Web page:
Okay, so the title for this week’s blog reflects what is occupying a good portion of my mind the past couple weeks.
The sight of my waning garden inspires green-thumb battle-fatigue. It’s pretty common about now, after canning batches of tomatoes and pickles, and staring at the weeds now holding their seed heads high. The borage and cilantro have reseeded and are starting to sprout again, and I should probably plant my fall crop of spinach. Radishes, too. Yep, I should do that. I’ll get right on it…
Front and center, though, I’m talking Pitch Wars, the name-of-epic-historical-battle-here of writers striving to find an agent and get published. The submission window closed on August 17, and all 1,591 of us mentee hopefuls have been waiting anxiously for the mentor picks to be revealed. We still have days to go–September 2 isn’t coming fast enough. This is another opportunity to move forward on the path for unpublished writers. We each selected 5 out of 100+ mentors to pitch. Each mentor can select only one writer to work with for the next two months, until the agent round.
The odds are daunting, but the community is awesome. Check out the #PitchWars hashtag on Twitter to see what we’ve been up to while we’re waiting. I’ve already connected with a couple potential critique partners. My goal is to have my WIP whipped into shape by the end of NaNo this year, so I can start getting some feedback from them, as well as my writing sisters.
Speaking of my WIP, that particular battle seems daunting right now. I’m revising the first draft, and trying to work in not only the plot changes I decided on before my reunion with my writing sisters, but also the character and plot changes that came from said reunion. They’re all great changes, and will make the story stronger, but sheesh, it’s going to take some time. Kinda like that tiny garden shed and the nearby pile of lumber and nails you need to turn into a nicer, bigger shed. The tools are there, just draw up the blueprints, pull what you need from the tiny shed, and cobble it all together into a nice, shiny new one that you’ll be proud to show off to your friends.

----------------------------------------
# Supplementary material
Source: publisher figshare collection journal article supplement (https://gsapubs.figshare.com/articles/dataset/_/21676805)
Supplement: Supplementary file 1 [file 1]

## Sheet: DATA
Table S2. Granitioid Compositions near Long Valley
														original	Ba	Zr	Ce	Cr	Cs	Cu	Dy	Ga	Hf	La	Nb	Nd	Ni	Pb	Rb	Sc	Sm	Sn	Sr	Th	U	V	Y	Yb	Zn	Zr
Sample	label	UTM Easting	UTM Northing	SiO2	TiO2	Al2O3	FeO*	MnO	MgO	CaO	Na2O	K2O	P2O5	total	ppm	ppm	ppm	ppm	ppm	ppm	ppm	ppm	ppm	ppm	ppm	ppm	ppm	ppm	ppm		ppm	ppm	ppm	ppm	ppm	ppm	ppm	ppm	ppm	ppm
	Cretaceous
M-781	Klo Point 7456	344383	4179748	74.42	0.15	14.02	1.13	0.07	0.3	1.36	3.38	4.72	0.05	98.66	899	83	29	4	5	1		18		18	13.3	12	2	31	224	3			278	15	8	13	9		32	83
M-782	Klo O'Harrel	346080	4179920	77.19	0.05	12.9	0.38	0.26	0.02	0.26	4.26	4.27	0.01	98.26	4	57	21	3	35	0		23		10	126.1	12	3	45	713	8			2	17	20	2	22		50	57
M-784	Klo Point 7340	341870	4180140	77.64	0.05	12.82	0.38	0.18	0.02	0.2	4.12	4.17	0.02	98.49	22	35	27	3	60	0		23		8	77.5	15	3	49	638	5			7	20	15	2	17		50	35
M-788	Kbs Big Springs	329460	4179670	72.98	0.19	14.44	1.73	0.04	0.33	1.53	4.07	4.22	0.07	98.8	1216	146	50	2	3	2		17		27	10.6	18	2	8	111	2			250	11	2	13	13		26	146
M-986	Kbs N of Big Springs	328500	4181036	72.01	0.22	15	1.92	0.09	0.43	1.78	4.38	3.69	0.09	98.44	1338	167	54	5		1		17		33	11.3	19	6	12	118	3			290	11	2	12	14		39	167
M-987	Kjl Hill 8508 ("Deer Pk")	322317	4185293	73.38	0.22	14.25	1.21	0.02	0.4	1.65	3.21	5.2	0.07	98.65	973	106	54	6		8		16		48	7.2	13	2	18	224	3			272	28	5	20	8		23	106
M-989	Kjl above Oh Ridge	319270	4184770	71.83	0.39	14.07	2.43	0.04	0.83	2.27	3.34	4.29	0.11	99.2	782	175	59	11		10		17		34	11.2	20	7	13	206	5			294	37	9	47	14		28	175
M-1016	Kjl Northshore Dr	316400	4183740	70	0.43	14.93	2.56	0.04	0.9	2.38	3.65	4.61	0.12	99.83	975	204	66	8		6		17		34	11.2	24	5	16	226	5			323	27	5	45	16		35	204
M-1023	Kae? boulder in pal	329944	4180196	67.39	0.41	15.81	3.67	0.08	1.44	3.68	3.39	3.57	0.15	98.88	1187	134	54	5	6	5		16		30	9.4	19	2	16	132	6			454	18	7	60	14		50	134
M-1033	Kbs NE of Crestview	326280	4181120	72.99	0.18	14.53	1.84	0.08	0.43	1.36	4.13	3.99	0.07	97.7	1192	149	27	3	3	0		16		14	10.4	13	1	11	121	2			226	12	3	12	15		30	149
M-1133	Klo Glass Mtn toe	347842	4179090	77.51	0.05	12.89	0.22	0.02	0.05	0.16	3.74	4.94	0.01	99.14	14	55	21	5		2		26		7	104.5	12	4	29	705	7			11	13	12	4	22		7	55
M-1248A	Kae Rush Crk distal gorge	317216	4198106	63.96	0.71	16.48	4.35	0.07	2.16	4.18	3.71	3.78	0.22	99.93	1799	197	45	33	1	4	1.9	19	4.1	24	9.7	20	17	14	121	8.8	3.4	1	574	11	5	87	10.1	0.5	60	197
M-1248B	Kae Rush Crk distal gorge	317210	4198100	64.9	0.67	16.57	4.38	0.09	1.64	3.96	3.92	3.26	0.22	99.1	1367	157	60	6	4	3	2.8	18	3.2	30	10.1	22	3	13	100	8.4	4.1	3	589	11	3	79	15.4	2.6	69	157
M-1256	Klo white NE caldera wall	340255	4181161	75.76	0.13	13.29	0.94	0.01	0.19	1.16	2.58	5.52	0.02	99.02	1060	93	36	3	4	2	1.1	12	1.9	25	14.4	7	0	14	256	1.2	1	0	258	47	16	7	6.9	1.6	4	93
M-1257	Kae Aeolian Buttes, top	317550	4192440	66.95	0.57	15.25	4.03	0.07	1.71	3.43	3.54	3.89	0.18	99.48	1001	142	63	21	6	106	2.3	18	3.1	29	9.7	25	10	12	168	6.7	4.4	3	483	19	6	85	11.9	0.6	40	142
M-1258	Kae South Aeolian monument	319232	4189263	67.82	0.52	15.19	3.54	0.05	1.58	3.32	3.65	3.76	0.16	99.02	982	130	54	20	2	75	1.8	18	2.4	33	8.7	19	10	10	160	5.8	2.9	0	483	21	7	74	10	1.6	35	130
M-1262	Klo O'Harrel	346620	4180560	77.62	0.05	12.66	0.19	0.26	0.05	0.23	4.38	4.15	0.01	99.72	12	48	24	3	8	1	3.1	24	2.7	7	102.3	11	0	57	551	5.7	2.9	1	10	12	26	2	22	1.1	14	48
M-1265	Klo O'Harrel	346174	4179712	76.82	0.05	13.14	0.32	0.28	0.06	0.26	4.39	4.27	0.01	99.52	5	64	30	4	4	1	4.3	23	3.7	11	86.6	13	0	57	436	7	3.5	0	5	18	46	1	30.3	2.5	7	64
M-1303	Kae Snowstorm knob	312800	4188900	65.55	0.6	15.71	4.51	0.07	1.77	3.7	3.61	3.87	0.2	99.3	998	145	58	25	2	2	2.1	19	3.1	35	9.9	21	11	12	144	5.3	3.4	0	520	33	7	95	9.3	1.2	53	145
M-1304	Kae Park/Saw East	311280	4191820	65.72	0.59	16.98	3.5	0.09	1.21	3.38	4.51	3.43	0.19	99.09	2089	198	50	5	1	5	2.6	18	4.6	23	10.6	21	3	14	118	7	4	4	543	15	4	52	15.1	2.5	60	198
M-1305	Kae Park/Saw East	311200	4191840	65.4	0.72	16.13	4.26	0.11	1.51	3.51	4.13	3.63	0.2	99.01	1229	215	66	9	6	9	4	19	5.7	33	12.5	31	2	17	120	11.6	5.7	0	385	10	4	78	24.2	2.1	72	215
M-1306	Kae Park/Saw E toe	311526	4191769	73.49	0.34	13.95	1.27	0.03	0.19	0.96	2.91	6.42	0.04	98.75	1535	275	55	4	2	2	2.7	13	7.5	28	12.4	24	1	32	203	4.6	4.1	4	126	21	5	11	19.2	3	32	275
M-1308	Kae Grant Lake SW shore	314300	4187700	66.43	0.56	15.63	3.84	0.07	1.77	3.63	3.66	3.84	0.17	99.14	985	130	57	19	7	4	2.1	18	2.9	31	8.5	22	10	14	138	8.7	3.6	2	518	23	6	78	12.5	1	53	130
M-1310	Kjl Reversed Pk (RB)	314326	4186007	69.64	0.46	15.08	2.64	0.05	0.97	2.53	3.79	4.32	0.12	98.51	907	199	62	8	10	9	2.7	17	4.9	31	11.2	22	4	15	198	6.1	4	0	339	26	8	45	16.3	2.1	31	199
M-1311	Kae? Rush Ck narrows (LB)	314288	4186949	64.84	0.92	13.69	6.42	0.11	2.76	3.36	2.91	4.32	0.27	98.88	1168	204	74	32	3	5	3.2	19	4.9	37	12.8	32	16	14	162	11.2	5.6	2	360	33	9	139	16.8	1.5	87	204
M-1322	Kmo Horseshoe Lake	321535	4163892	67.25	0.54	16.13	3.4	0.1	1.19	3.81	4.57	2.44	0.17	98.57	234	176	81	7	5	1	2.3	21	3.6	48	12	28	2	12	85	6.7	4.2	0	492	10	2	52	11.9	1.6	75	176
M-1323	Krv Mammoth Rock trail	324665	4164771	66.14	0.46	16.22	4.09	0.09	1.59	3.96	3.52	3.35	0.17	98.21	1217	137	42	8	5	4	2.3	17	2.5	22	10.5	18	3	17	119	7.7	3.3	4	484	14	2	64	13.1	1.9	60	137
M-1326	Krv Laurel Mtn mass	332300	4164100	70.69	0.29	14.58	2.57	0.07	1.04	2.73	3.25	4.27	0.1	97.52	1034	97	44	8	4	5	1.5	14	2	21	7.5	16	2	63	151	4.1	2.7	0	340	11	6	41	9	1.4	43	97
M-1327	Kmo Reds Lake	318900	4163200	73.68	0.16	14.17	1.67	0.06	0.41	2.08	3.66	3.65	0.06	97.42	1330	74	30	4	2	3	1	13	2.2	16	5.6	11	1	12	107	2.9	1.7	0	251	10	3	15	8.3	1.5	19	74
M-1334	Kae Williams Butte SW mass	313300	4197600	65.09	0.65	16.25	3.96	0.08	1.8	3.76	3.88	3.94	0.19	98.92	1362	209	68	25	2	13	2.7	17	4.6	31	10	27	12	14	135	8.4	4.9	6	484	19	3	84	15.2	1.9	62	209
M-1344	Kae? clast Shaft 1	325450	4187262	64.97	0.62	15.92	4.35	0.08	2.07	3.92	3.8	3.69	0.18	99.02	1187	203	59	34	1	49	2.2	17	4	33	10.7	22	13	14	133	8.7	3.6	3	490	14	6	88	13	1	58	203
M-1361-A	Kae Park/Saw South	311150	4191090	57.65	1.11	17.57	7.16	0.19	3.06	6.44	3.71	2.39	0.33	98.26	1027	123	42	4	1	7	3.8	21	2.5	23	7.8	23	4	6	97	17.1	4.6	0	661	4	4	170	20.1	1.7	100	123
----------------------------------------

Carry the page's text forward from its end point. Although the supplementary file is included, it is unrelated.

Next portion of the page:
“What is this?”
I jump when the flat of the machete blade hits my desk. “Hey, watch out with that thing.”
He’s frowning, hands on hips, dressed in a red and black flannel shirt with the sleeves rolled halfway up his muscular forearms. He’s exchanged his sneakers for hiking boots, and his jeans are a faded indigo. Mmm, the outdoorsman look suits him quite well. My Muse picks up the blade and brandishes it. “What are you planning to use this for?”
“Put that away. I was going to use it on my WIP.”
He slings it toward the floor. A metallic thud echoes in the office when it buries its tip in the wood. “Tell me you’re joking.”
“You didn’t find it in my writing area, did you? That should tell you something. Oh, and did you catch the ‘was’ in the previous statement, oh Mister I’m-Going-To-Ride-Your-Ass-Until-You-Get-Your-Revisions-Done?”
“Not funny, love. This,” he wrenches the blade free, “is not how you revise.”
“It is if I’m cutting half of the first draft.”
“You’re not cutting half of the first draft.” The way he’s twirling the blade makes me a bit nervous.
“Put that down before you hurt someone.”
He pulls a sheath from somewhere and slides the machete into it. I lunge for the knife, but he holds it out of reach. I almost collide with him–he steadies me with a hand to my shoulder. Those blue eyes of his narrow. “It’s mine, now. And you don’t need to cut half the draft.”
He smells like the woods, like evergreen and that outdoor scent that makes me think of autumn. “I realize that now. I can rework some of the scenes to support the new plot and character backstories, but I’ll still have to cut out a big chunk. C’mon, it’s a first draft. It needs to be overhauled.”
“Not with this.” He tosses the sheathed blade aside. “You need to focus. Stop thinking about Pitch Wars for two days. Nothing’s going to happen until next week, and nothing you do on Twitter will change that.”
“You never know. Brenda opened the submission window early. She’s doing a live interview on Tuesday. I need to make sure I’m there. She might end up posting stuff early.” Man, I hate waiting like this. I have to remember it’s just like sending a query off to an agent. Patience is the key.
He presses his finger to my forehead. “Focus. This is what you need to revise your WIP. This,” and he moves his finger to my chest, “and this. Mind and heart.” He waves that finger at me, like he’s scolding. “Now, sit your ass down, get your MP3s going, and write. I’ll be right here when you need me.”
He’s right, as usual. My goal for tonight: get through the next two scenes in my WIP. Maybe even through the blizzard scene.
Oh, a couple things. Check out the Meet Your Main Character blog for the first post by our newest member. Stop by and enjoy!
Secondly, a huge shout-out to my writing sister who just signed the contract for her second MG novel. Congratulations, BB! Check out her debut novel, Canned and Crushed. It’s a great read, and something elementary-aged boys will enjoy.